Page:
October 02, 2020 04:27 (IST)
Follow us:
facebook-white sharing button
twitter-white sharing button
instagram-white sharing button
youtube-white sharing button
Large gathering banned at India Gate amid massive outrage over Hathras incident | Congress leader Ahmed Patel tests Covid-19 positive | Rahul Gandhi, Priyanka Gandhi Vadra heading towards Hathras stopped at Yamuna Expressway | Hathras sealed ahead of Rahul-Priyanka visit amid outrage over fatal gangrape incident | India enters into Unlock 5 with over 63 lakh Covid-19 cases
Solving the burning problem

Solving the burning problem

India Blooms News Service | @indiablooms | 19 Oct 2019, 07:40 am

Air pollution due to burning the stubble after harvest in winter in North India is big issue, socially and politically. As Delhiites brace up for another winter of smog and suffocating pollution from stubble burning,  here is the story of Kriya Labs, a New Delhi-based start-up, that transforms agricultural waste into a valuable resource to make paper and biodegradable products. SPAN writer Michael Gallant reports

When paddy farmers in India harvest their crops, they gather the rice that will feed people everywhere in the country. But, the harvest also leaves behind millions of tons of crop stubble, seemingly useless plant material that fuels countless disposal fires. The result? Suffocating air pollution, and a major environmental problem that needs to be solved.

Pracheer Dutta was a student at the Indian Institute of Technology (IIT) Delhi when he became aware of the issue. While researching for an experiment in Delhi’s Chandni Chowk market, he and his fellow students found it difficult to breathe due to the smog blanketing the area.

“Our throats were choking and our eyes were burning. We wondered what was causing so much pollution,” says Pracheer, who prefers to be addressed by his first name. “We researched and found that, apart from vehicular pollution, a major source is the burning of agro-waste in the neighboring states.” He calculated that about 20 million tons of rice straw were being burned every year in Haryana and Punjab alone, filling the air with smoke and harmful particles.

Luckily, Pracheer and his team saw not just a brewing environmental issue, but also an opportunity to help, through innovation. “If we are able to convert this rice straw into a product that fetches enough market value,” he says, “We can use that to incentivize the farmers to not burn it.”

The result of that epiphany was Kriya Labs, a New Delhi-based start-up dedicated to turning this idea into reality.

“We use the rice straw to make cellulosic pulp,” says Pracheer, who serves as the company’s chief operating officer. “That pulp can, then, be used to make products like paper and disposable tableware.”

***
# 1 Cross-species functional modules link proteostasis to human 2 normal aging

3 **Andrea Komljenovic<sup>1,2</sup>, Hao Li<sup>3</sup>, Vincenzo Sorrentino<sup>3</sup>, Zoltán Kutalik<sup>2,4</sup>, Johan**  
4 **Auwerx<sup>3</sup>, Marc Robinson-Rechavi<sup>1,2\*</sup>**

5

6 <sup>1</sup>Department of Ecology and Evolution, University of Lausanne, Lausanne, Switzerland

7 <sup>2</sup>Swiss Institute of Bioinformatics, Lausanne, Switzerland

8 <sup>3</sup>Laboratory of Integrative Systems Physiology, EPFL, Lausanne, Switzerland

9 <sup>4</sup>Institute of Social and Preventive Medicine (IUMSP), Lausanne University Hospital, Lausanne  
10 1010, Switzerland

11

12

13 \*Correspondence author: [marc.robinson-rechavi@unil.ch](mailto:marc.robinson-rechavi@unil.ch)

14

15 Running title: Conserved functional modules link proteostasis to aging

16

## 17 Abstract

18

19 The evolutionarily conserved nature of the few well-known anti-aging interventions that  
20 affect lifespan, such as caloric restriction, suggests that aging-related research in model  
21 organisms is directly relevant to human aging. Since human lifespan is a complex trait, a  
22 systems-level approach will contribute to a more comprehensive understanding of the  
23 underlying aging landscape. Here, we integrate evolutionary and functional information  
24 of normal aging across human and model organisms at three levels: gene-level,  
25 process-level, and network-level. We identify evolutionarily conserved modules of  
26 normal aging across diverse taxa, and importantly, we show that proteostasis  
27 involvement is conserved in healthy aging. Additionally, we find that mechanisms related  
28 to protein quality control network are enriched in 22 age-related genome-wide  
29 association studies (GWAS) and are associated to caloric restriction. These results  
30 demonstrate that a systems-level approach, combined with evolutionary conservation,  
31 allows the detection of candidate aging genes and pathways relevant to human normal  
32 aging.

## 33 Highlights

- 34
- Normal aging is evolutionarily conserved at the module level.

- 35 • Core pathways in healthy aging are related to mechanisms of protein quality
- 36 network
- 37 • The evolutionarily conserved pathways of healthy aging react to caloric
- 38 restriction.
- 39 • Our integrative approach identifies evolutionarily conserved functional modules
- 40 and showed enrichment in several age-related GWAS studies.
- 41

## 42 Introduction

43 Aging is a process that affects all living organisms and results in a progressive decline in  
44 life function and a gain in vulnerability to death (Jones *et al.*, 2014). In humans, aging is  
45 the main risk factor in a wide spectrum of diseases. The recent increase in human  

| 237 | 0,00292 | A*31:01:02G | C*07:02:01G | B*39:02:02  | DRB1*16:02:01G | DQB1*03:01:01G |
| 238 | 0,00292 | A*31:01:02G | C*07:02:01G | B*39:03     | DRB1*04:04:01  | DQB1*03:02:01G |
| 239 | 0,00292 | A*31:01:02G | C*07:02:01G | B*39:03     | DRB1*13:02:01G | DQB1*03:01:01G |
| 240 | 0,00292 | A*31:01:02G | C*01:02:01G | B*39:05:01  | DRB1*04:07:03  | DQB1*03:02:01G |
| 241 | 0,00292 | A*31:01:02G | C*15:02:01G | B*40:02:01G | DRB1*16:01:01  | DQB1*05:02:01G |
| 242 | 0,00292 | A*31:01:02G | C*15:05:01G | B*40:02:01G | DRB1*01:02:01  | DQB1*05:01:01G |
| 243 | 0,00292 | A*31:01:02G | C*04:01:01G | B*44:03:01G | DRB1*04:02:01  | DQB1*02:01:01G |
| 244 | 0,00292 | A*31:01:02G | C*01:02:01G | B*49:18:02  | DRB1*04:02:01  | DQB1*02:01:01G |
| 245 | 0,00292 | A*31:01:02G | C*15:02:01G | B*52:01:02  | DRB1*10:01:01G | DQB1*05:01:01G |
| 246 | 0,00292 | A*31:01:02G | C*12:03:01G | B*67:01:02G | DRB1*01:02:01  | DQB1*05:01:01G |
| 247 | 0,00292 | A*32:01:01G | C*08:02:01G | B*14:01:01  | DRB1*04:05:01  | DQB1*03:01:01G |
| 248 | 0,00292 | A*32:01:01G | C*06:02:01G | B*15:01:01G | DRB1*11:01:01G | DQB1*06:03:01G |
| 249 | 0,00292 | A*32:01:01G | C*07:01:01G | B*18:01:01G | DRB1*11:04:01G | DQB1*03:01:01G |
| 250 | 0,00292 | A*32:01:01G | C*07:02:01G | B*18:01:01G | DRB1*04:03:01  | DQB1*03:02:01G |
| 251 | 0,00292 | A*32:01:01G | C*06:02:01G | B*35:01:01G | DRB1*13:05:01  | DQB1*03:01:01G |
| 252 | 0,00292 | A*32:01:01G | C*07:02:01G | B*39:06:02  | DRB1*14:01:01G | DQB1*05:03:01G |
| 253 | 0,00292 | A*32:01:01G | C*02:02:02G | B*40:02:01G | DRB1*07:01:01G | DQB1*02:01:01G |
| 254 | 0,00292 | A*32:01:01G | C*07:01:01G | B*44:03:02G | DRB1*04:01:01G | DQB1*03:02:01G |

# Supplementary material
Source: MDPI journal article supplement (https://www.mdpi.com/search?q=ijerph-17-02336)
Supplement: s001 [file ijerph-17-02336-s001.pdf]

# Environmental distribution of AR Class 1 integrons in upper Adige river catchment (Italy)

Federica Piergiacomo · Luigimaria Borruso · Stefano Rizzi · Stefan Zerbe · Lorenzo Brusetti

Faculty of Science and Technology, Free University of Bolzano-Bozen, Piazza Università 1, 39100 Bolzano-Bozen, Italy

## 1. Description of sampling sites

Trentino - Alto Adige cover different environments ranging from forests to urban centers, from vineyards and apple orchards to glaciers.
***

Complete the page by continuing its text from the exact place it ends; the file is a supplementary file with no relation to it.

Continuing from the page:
Kriya Labs is currently focusing its efforts on selling this pulp to manufacturers of ecofriendly plates. Eating utensils made from the pulp are 100 percent biodegradable, says Pracheer. The use of these utensils also reduces the waste created by single-use plastic tableware.

Kriya Labs’ efforts have gained significant visibility and media coverage, as well as nationwide interest in its services. As the business continues to gain momentum, Pracheer has ambitious plans for the future. He expects the company to create its first commercial manufacturing plant within months, with more plants to follow. “We will branch out into other markets like packaging and textiles,” he says.

The company’s business model also includes empowering local, rural entrepreneurs to set up their own manufacturing units. So far, Pracheer describes, the company has received over 70 requests to set up manufacturing plants from all over India.

Ankur Kumar, another co-founder of Kriya Labs, describes the technology as having global potential. “Agro-waste burning is a major issue when it comes to pollution,” he says. “We are trying to solve this by creating a model where the farmers responsible for burning become stakeholders in adding value to rice straw and, hence, are incentivized to not burn it.”

Kriya Labs’ success is attributable not just to its team’s creativity and technical expertise, but also to a strong sense of business and responsibility. “We are social entrepreneurs, who believe in creating businesses that have a social impact,” says Pracheer. Its members have also received specialized business mentorship via programs like those of the Nexus Incubator start-up hub, a collaboration between American Center New Delhi and the IC² Institute of The University of Texas at Austin. Pracheer says it helped the company work through difficult decisions, and better articulate its goals and strategies.

“At Nexus, we see many ideas on how to handle agro-waste,” says Erik Azulay, director of the incubator. “What made Kriya Labs different is that it came at this problem from an entrepreneurial perspective, with a specific end product in mind as well as customers who would buy that product. These are exactly the types of innovators we like to see at the Nexus Incubator.”

For aspiring entrepreneurs who want to follow Kriya Labs’ example, of trying to solve environmental problems with technology and innovation, Pracheer advises choosing a vision, taking a risk and pursuing with enthusiasm.